Floating eggshell magic unveiled

This is a one-hour DIY photography project that I did on a Sunday afternoon in the kitchen or otherwise said a guide to how to photograph a floating eggshell.

The Photo
This is what I got at the end:

The Gear
Well, "gear" is a strong word to use for what is needed for this or should I say for what I found in the kitchen to use. Anyway here is the list:

1) six eggs - well you really need one for the photo but five back-ups is always good when it comes to eggs especially if you are the I-will-not-give-up-on-this type of person.
2) couple of toothpicks - sharpened both ends, you shouldn't have to be paying any attention to a toothpick end when it comes to serious stuff like photography, but for the hardcore DIY junkies any type of toothpicks will work.
3) a push pin - the color of the head will not affect the final image.
4) raisins aka dried grapes - not the softest type will work better. Sort of grapes is not of any concern.
5) a light source - now on this bit you can go really wild but I used the fluorescent light above the kitchen sink.
6) a digital camera - film unfortunately will not work for this.
7) Image editing skills - now that bit requires the most time nowadays. For this project in particular spot healing and toothpicks removal skills are needed.
8) a hammer - it is a must on any home build project no matter if you end up using it or not. It is the only satisfactor if something is really not working out as intended.
9) refreshments - needed for obvious reasons.

The Build
Handling an egg is a serious business no matter the reason but fortunately here all you need to do is break one. Do NOT use the hammer! Crack it like you'd do it for an omlet trying to preserve the two halves as much as you can. Avoid too many small pieces if possible. Get the egg into a cup and concentrate on the eggshell. Wash it first. Remove the small broken pieces. You will notice there is thin slimy layer on the inside - do not peel it off as it will keep the shell stronger. Try not to use white white egg as this may lead to blown out parts of the image with no detail later on.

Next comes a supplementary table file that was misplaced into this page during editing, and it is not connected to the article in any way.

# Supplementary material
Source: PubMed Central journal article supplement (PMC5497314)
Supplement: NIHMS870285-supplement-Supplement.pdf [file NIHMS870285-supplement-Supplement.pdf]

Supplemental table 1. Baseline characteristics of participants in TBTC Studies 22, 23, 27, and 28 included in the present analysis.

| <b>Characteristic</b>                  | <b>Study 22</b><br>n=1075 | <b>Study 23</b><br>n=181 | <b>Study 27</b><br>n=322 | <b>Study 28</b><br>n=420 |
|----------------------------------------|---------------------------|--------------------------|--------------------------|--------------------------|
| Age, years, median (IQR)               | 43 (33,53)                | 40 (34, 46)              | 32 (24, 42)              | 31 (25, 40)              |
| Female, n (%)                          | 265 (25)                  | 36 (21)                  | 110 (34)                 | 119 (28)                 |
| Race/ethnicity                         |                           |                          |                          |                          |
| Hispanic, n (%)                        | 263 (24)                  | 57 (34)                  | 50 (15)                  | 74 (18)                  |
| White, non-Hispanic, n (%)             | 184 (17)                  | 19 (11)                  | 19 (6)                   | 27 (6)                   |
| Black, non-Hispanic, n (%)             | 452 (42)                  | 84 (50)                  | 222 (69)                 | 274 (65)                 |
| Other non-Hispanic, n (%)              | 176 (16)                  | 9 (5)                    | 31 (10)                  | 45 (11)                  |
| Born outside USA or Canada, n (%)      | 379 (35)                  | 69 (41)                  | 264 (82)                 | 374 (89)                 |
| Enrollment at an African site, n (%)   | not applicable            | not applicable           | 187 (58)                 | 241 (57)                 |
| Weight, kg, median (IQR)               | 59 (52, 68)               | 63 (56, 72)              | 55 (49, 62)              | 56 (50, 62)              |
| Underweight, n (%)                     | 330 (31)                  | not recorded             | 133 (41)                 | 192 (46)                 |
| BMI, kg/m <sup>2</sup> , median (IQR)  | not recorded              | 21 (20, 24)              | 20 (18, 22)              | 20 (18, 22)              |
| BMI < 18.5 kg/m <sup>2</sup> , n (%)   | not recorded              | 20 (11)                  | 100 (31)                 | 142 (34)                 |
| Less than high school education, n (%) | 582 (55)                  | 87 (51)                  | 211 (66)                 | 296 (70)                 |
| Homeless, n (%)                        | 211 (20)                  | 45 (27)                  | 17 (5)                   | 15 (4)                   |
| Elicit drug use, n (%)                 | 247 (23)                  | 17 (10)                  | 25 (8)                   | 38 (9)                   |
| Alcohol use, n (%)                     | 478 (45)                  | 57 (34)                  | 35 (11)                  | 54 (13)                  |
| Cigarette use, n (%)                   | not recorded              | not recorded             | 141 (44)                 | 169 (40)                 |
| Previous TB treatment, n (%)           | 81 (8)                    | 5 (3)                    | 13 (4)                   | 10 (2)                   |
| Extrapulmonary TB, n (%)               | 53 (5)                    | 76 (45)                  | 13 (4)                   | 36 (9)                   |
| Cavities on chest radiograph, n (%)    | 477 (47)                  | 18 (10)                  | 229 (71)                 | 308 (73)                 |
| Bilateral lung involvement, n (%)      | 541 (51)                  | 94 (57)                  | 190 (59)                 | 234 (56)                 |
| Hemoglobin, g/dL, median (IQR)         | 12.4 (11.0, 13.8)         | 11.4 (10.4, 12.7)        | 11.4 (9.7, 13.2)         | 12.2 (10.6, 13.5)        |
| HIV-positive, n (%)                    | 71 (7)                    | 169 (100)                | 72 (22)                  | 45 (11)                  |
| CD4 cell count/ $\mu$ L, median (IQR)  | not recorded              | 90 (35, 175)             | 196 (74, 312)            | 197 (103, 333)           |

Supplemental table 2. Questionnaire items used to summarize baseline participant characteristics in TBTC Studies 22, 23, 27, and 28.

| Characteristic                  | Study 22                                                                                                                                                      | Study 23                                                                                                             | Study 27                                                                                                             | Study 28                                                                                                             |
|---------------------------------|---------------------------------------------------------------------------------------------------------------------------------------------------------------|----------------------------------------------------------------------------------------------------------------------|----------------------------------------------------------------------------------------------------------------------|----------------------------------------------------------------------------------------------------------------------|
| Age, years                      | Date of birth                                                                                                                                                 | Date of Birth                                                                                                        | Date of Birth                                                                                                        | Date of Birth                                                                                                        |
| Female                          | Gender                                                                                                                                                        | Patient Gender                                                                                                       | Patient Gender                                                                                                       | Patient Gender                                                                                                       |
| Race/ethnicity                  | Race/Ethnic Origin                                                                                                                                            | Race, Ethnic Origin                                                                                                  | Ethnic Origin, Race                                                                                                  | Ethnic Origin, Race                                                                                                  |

Now you need to punch holes in the shell - one hole for each half. Get the push pin and put the egg shell on a cutting board or table top. From the inside out punch the holes with the push pin. Try rotating the pin as you push otherwise you might crack the whole thing. At this point you should have two halves of an eggshell with holes in them, hoping your wife is not going to think you have completely lost it if she walks into the room this very moment.

Get the first toothpick and squeeze it through the hole. The hole will not be big enough so rotating again will prevent cracking. Eggshell freely moves along the toothpick now but we have to have it stuck in position and this is where I lost hope. Initially I thought chewed chewing gum will do the work but I couldn't find any in the kitchen. I was half way through my weekly photography time already and couldn't go out buying chewing gum... but then... Then I found a bag of raising in a drawer and they worked a miracle. Stick a couple on the toothpick both on the inside of the shell and on the outside and it is now firmly holding the toothpick in position. Do the same with the other half of the shell.

The next roadblock was the lack of helping hand as my wife and son were taking an afternoon nap. How does one hold two toothpicks and aligns the eggshells vertically with one hand while shooting the picture with the other? I gave up and decided that it will be a composite of two images after all. Make sure when you shoot that the distance from camera is the same and pay attention to cracked edges of the shell to get the most out of the lighting and the pattern of the crack.

The Raw Material

Shoot plenty so you can have wider choice later. I picked the below two:

The After-shoot
Well Photoshop is an amazing image editing tool and combining two images is not that hard after all so I will not get into detail on this bit but I will mention that this is the moment when you sit down and crack open the refreshments mentioned earlier. :)

Areas of improvement and last notes

No matter how you end up holding up the eggshell (needle and thread maybe also an option for that part) or if you do it as a single image or composite what really opens this for artistry is the lighting. Try lighting it from below, both sides, above.. even holding the shell on the side and getting light through a hole in the bottom half will be magical. Get creative. That's what DIY photography is all about, isn't it?

...and don't forget to share what you got! :)

One response to Floating eggshell magic unveiled

  1. erik says:

    This was such a great photo that I had to see if I could replicate it...

    Take a look.

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